There is perhaps no more comforting food than a warm bowl of chicken soup, but the benefits are not only to your psyche. Chicken soup has been used as a remedy for the common cold since at least the 12th century.
The fluids it provides can help your body fight infection, while the steam might help ease your congestion. But beyond this, chicken soup contains beneficial compounds that might alleviate inflammation.
When you’re sick with a cold, part of your body’s inflammatory response is to send white blood cells to your upper respiratory tract to help fend off the invaders. This, however, may stimulate many of the symptoms of the common cold, including mucous production, cough, and sneezing.
One study showed that chicken soup helped to stop the migration of the cells, which could potentially help to stop some cold symptoms from developing. According to the study:
“Chicken soup significantly inhibited neutrophil migration and did so in a concentration-dependent manner… chicken soup may contain a number of substances with beneficial medicinal activity.
A mild anti-inflammatory effect could be one mechanism by which the soup could result in the mitigation of symptomatic upper respiratory tract infections.”
Chicken Soup: More Than a Placebo Effect?
Other studies looking into the health benefits of chicken soup also suggest it has more than just a “placebo effect.” As reported in the New York Times, one study found that eating hot chicken soup helped increase the movement of nasal mucus more than simply drinking hot water.
Separate research also showed chicken soup improved the function of cilia, which are hair-like structures in your nose that help keep pathogens from entering your body. The New York Times reported:
“None of the research is conclusive, and it’s not known whether the changes measured in the laboratory really have a meaningful effect on people with cold symptoms. However, at the very least, chicken soup with vegetables contains lots of healthy nutrients, increases hydration and tastes good, too.”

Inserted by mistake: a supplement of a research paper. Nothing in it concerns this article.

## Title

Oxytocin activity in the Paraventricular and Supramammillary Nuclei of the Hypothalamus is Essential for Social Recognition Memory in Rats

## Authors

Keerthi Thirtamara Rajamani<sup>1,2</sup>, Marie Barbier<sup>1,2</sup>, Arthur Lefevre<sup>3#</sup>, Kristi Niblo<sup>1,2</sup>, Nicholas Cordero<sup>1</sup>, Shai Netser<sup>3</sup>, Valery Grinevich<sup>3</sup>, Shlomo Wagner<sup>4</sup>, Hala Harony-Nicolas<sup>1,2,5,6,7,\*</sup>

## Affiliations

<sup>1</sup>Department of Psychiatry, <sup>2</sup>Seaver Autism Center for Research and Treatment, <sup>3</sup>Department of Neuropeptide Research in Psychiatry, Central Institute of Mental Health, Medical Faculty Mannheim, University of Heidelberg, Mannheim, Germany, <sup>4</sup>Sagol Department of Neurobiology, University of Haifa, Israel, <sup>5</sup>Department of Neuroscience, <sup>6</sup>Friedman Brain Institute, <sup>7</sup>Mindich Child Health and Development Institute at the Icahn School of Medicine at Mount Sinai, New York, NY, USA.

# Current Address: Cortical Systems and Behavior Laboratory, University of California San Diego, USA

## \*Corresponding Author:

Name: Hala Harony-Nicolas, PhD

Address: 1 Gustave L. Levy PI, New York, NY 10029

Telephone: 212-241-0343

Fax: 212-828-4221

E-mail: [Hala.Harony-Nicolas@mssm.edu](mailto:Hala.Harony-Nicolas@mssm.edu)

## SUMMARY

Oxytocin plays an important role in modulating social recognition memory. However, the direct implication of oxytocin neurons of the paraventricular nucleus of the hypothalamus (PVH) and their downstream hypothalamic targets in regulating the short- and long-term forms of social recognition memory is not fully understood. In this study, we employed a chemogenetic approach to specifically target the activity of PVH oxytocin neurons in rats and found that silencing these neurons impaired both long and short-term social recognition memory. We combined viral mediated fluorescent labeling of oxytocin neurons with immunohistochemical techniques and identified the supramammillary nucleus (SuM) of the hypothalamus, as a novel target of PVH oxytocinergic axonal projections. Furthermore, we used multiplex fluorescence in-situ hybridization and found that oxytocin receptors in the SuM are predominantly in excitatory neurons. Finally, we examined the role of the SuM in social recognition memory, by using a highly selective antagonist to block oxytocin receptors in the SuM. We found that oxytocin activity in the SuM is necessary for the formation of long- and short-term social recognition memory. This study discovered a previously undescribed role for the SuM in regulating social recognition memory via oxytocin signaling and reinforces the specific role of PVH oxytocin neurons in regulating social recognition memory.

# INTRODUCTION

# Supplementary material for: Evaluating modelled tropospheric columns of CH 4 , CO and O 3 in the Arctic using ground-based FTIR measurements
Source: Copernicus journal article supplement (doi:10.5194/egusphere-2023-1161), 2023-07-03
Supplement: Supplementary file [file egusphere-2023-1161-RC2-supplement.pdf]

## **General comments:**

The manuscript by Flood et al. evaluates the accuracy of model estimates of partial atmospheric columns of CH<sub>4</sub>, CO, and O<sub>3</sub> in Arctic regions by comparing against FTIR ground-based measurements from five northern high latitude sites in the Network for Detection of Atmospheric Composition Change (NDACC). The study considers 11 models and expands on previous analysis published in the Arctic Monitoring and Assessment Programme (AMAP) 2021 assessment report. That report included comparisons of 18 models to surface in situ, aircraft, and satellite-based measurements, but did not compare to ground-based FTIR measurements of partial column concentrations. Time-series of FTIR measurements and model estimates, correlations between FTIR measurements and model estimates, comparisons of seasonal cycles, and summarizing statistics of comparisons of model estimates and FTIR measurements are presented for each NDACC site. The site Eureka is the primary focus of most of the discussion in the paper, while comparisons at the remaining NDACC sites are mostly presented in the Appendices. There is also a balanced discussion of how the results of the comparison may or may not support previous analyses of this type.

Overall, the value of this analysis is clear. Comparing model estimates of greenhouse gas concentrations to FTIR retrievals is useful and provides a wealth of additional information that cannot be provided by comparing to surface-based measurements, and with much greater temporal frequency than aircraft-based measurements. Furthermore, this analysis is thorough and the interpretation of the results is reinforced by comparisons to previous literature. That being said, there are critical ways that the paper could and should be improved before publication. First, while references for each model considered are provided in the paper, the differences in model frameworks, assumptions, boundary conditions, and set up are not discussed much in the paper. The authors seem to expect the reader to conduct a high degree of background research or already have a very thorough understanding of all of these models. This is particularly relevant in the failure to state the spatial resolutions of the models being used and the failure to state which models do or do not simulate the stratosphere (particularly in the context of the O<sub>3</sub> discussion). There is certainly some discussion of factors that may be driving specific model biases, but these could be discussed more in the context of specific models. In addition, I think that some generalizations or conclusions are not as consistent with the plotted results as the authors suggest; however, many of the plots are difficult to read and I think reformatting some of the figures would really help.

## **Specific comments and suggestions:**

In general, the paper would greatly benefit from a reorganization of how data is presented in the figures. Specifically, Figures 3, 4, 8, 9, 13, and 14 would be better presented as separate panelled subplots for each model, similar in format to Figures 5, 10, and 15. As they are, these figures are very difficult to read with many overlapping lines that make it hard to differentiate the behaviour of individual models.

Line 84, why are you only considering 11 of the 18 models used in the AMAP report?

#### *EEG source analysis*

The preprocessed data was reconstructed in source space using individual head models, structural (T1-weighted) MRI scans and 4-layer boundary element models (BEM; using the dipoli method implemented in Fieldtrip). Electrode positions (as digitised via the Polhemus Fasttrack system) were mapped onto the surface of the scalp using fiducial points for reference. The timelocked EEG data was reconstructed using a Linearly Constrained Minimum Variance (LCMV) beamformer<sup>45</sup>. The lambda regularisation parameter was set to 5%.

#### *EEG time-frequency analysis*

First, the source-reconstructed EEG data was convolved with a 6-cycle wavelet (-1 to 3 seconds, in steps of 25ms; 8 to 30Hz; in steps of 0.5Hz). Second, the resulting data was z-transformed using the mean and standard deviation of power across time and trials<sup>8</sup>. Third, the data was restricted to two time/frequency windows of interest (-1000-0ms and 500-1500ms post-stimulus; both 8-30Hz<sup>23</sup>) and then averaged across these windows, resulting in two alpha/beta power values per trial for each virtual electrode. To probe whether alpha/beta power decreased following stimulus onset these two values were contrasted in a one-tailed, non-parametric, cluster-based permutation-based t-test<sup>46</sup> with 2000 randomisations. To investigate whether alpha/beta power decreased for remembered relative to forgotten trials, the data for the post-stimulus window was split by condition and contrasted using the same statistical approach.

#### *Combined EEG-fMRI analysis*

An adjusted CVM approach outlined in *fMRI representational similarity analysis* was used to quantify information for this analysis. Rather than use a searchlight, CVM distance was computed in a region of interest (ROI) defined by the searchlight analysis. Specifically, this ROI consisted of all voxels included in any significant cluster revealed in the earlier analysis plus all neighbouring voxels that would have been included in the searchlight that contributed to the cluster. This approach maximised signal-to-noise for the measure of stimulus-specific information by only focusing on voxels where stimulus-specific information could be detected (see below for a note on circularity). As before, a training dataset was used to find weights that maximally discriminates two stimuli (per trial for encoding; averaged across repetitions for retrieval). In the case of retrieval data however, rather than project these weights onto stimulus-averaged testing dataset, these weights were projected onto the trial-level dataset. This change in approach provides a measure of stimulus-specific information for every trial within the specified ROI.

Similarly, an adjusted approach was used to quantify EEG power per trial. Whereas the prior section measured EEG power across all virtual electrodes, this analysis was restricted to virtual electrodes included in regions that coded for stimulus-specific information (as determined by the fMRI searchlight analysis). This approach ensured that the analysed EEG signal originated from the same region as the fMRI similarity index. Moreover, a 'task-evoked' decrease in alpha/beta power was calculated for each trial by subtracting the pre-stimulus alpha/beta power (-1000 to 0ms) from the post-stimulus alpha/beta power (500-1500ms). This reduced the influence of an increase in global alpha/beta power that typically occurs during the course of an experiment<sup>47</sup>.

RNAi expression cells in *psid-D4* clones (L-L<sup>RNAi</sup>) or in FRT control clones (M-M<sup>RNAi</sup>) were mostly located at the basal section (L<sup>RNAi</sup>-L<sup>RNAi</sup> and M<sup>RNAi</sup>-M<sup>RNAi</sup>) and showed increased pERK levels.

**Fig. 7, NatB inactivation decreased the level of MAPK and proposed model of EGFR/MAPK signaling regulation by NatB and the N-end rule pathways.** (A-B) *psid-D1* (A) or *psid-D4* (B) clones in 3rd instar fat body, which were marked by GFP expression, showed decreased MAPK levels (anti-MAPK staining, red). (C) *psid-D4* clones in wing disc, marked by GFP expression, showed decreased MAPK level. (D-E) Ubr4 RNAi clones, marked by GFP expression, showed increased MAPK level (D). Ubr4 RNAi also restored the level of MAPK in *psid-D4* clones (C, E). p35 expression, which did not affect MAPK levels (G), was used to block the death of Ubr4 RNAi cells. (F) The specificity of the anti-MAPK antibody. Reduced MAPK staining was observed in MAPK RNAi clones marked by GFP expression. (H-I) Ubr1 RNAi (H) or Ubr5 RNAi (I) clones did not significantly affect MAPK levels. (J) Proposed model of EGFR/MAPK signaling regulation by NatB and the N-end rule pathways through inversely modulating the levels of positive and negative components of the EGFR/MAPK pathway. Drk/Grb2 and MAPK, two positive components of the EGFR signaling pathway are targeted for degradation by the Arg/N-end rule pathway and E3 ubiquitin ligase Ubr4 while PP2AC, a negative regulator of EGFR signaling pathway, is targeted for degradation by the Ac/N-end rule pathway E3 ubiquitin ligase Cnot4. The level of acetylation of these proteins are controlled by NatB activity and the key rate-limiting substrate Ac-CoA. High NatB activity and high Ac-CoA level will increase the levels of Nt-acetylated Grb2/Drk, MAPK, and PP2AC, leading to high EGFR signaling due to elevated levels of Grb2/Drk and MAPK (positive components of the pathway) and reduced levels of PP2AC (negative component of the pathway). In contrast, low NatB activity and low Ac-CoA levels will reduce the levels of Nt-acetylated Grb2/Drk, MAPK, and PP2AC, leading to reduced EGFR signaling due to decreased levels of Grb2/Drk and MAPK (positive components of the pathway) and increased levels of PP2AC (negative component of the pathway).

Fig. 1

What Else Makes Chicken Soup So Healthy?
Beyond the potential anti-inflammatory activity, there’s good reason to eat chicken soup – it’s full of healthy vegetables and other nutritious ingredients.
Chicken is an excellent source of protein, B vitamins, selenium, phosphorus, and choline. It provides all B vitamins along with a surprisingly varied number of additional nutrients.
Chicken also contains a natural amino acid called cysteine, which can thin the mucus in your lungs and make it less sticky so you can expel it more easily. As reported by the George Mateljan Foundation:
“Chicken is perhaps best known for its high protein content, but it is a food that actually provides broad nutrient support… Included… are plentiful amounts of sulfur-containing amino acids like cysteine and methionine, as well as branched chain amino acids (leucine, isoleucine, and valine) that are important for support of cardiac and skeletal muscle.
All B vitamins are present in chicken meat… In terms of minerals, chicken is richest in selenium… Zinc, copper, phosphorus, magnesium, and iron are also provided by this food.”
I encourage you to make your own homemade bone broth to use as a base for your chicken soup. Bone broth contains valuable minerals in a form your body can easily absorb and use, including calcium, magnesium, phosphorus, silicon, sulfur chondroitin, glucosamine, and a variety of trace minerals.
The gelatin found in bone broth is a hydrophilic colloid. It attracts and holds liquids, including digestive juices, thereby supporting proper digestion. You can find a recipe to make chicken bone broth here.
Cabbage, which is part of the chicken soup recipe below, contains powerful antioxidants like vitamins A and C and phytonutrients such as thiocyanates, lutein, zeaxanthin, isothiocyanates, and sulforaphane, which stimulate detoxifying enzymes and may protect against breast, colon, and prostate cancers.
Cabbage also contains a wealth of anti-inflammatory nutrients to help keep inflammation in check. Among them are anthocyanins, a type of polyphenol that’s particularly plentiful in red cabbage, although all types of cabbage contain anti-inflammatory polyphenols.
Studies have demonstrated more than 150 beneficial health effects of garlic, including reducing your risk for heart disease, high cholesterol, and high blood pressure, and various cancers such as brain, lung, and prostate cancer.
Garlic also has immune-boosting properties and is a triple threat against infections, offering antibacterial, antiviral, and antifungal properties.
A New Twist on Chicken Soup: Chicken Soup with Yellow Lentils
The recipe below comes from my Healthy Recipes for Your Nutritional Type cookbook. It’s simple to prepare and takes a new spin on ordinary chicken soup, with the addition of two varieties of vinegar, cabbage, and yellow lentils.
*Image of “soup” vis Shutterstock